Provide the evidence
To get private, public and charity organisations to sign up to the cause, you need to demonstrate the business case for how widening digital participation could benefit them specifically. Consider commissioning a report to to assess the “digital dividend” of a networked nation. The UK team did this and The Economic Case for Digital Inclusion identified benefits like these:
Total economic benefit from getting everyone online is estimated at £22bn
Government could save an estimated £900m per year with even modest levels of switchover to digital transactions
If currently digitally excluded employed people got online, they would deliver between £560 million and £1,680 million of overall economic benefit
People living in 3.6 million low income, digitally excluded households are missing out on annual savings of over £1 billion a year from shopping and paying bills online
Make the case
Consider producing additional “case books” describing the business and/or social case for change for specific target groups that stand to benefit from increased levels of digital participation. Include examples of what others have done and recommendations for action. For example, the UK team published:
Survive and Thrive infographic
The Survive and Thrive Case Book, giving examples of how charities can make the best use of technology to raise money, deliver services and network.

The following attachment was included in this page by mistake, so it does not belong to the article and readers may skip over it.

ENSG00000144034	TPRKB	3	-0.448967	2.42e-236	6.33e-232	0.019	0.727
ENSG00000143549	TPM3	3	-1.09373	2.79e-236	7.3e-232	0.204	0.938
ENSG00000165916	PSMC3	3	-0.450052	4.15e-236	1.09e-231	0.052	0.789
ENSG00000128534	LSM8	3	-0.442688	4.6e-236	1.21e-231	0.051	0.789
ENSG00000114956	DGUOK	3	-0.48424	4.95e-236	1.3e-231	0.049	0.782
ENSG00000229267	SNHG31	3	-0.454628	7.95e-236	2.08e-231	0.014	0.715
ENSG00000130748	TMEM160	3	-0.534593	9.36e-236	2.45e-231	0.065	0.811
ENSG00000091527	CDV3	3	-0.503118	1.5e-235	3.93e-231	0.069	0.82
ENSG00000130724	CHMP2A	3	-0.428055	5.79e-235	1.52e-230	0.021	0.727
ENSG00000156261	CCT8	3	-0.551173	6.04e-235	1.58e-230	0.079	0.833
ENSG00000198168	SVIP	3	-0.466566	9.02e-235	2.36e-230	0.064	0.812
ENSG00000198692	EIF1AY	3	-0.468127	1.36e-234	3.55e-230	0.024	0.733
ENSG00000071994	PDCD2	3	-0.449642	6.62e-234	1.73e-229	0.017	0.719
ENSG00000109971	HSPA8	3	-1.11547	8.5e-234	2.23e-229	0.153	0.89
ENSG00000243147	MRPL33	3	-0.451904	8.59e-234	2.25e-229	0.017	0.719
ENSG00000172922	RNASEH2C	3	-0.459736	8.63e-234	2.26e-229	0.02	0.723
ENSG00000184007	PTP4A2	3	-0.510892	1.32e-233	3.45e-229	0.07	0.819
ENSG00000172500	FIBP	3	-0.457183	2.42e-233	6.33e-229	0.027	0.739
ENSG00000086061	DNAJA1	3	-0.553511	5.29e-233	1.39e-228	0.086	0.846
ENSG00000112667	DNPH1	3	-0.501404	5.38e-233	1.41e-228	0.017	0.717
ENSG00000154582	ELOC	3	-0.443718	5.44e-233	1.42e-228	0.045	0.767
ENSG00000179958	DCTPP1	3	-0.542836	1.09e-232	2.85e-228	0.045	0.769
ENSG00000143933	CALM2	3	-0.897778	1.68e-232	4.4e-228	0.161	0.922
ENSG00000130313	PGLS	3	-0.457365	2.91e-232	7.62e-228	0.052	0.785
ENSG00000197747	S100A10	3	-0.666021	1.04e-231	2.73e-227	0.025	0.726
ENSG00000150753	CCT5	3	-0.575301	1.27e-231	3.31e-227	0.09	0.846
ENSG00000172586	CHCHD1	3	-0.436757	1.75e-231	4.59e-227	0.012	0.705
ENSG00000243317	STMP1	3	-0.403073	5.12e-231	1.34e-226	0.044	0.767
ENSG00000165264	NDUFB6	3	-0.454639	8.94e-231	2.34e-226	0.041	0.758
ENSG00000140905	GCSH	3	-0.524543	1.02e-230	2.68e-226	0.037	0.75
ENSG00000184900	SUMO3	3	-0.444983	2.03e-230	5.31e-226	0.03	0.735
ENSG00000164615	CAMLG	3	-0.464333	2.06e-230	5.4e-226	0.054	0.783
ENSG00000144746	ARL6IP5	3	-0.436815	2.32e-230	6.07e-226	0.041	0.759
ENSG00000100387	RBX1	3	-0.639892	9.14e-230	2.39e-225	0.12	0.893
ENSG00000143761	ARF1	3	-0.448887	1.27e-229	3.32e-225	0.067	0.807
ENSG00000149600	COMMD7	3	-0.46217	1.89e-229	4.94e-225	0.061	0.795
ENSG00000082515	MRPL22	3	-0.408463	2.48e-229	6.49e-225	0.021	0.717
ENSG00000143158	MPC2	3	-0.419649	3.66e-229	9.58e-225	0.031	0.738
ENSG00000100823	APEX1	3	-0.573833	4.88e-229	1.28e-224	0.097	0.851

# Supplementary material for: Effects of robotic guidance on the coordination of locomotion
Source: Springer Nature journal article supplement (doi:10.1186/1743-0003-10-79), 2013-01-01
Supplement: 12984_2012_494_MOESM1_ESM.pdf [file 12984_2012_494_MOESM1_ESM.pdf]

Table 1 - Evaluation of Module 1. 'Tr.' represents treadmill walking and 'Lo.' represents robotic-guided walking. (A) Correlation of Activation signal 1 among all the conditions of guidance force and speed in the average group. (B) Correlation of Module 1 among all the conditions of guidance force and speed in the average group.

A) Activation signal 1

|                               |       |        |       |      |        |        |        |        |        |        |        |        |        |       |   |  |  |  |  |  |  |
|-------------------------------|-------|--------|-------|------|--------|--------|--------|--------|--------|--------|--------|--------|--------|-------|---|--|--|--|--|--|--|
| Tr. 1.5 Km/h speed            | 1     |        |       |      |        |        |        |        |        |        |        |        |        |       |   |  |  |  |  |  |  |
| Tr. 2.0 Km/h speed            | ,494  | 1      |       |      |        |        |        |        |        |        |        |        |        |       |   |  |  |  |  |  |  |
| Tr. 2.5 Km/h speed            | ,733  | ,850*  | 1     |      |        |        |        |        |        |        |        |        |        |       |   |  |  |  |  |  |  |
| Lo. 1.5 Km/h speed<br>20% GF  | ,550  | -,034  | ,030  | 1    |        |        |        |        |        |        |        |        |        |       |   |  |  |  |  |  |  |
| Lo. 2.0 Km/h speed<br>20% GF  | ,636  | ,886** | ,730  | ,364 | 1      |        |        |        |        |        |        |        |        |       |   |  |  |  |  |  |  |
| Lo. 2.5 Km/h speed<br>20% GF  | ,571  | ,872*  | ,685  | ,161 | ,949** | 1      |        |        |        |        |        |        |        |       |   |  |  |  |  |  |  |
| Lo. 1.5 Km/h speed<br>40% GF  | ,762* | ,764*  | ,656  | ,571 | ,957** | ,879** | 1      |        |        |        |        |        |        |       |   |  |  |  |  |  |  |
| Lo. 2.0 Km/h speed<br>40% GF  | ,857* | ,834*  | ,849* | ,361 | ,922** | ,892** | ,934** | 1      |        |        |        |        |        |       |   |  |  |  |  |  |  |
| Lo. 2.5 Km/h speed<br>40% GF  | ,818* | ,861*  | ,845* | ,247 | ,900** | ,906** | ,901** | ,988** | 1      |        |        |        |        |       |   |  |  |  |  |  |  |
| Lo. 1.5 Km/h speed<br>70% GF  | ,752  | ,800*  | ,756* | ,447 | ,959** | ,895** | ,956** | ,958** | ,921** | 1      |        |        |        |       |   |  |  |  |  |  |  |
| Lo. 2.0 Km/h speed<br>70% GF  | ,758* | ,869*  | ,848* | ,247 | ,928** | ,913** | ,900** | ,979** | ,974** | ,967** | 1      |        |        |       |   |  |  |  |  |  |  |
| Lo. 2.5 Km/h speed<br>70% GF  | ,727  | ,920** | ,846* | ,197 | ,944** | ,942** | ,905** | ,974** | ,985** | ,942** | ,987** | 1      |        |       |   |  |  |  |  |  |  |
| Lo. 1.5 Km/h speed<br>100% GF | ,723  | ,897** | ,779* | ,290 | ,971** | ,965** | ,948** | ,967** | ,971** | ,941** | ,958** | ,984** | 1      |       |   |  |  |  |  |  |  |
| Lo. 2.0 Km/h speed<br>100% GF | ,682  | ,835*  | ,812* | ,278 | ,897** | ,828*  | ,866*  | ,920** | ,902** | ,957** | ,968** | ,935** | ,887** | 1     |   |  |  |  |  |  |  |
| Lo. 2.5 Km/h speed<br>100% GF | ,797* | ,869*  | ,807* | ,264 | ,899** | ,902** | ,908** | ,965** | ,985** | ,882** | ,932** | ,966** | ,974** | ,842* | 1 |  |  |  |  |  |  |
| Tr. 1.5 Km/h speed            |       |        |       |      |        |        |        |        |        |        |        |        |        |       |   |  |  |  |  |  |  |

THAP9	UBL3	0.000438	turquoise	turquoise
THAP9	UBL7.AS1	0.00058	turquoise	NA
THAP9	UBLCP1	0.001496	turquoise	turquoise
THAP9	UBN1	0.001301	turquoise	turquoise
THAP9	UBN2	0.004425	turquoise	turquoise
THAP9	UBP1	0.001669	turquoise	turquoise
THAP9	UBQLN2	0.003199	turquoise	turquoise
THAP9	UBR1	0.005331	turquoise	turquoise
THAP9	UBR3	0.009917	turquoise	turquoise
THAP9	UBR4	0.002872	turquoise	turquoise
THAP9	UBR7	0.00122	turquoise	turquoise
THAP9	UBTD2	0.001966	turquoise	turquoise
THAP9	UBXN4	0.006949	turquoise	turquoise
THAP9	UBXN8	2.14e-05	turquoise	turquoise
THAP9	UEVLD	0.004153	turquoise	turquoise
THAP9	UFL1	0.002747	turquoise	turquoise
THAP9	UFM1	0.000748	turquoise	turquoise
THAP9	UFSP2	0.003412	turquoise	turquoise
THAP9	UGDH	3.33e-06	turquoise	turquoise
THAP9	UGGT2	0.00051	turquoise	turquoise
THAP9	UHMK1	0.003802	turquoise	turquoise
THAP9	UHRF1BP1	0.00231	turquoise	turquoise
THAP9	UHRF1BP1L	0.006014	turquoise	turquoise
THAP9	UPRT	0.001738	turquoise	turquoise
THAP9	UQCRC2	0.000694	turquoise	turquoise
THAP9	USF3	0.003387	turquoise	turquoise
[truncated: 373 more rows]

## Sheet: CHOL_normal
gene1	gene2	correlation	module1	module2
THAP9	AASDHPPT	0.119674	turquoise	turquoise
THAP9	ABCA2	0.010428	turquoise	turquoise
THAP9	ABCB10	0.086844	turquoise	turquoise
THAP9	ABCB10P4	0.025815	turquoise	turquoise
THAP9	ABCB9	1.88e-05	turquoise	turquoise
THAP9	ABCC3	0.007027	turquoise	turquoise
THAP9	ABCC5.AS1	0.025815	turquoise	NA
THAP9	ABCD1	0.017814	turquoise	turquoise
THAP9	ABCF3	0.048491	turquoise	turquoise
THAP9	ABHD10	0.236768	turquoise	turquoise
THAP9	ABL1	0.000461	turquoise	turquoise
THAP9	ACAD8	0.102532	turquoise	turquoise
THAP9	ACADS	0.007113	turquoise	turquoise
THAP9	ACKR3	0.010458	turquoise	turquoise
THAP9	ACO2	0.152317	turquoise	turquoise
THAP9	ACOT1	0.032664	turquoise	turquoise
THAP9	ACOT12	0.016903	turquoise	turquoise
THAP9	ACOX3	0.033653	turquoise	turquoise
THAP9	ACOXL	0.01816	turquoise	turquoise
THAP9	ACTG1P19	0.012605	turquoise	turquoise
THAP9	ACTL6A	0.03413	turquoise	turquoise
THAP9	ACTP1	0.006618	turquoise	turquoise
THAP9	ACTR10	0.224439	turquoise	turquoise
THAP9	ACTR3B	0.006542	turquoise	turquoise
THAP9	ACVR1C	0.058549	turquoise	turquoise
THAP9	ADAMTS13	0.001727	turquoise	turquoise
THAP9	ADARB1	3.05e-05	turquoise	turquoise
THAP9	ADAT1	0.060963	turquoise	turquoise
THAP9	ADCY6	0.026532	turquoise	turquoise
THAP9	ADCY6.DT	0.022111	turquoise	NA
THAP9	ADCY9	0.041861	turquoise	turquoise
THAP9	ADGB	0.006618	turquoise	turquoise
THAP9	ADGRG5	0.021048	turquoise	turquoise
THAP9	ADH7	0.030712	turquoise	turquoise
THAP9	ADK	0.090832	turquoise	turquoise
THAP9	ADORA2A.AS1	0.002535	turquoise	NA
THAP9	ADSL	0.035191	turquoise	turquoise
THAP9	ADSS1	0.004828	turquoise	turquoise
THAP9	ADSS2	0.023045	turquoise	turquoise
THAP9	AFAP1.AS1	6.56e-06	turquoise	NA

Getting On: a manifesto for older people in a networked nation, focusing on how to help older people get online
Digital by Default 2012: the case for digital housing, providing a business case for social housing providers
Spread the word
Once you have the facts and figures, communicate the “digital dividend” message as widely as possible to key influencers in the public, private and third sectors. Be ambitious about who to approach: target senior government ministers, top civil servants and the chief executives of major companies. Send copies of your reports to all members of parliament, and take advantage of high-profile industry conferences, annual charity conferences etc to communicate the message. Race Online 2012 got key influencers on board to build momentum and credibility before moving to a full scale partnership recruitment campaign.
Consider setting up a “people’s task force” of individuals who have all experienced digital exclusion and can speak compellingly about how the internet has improved their lives. Their role is to help test and inform ideas through workshops and focus interviews, and they can also help represent the campaign at meetings and events.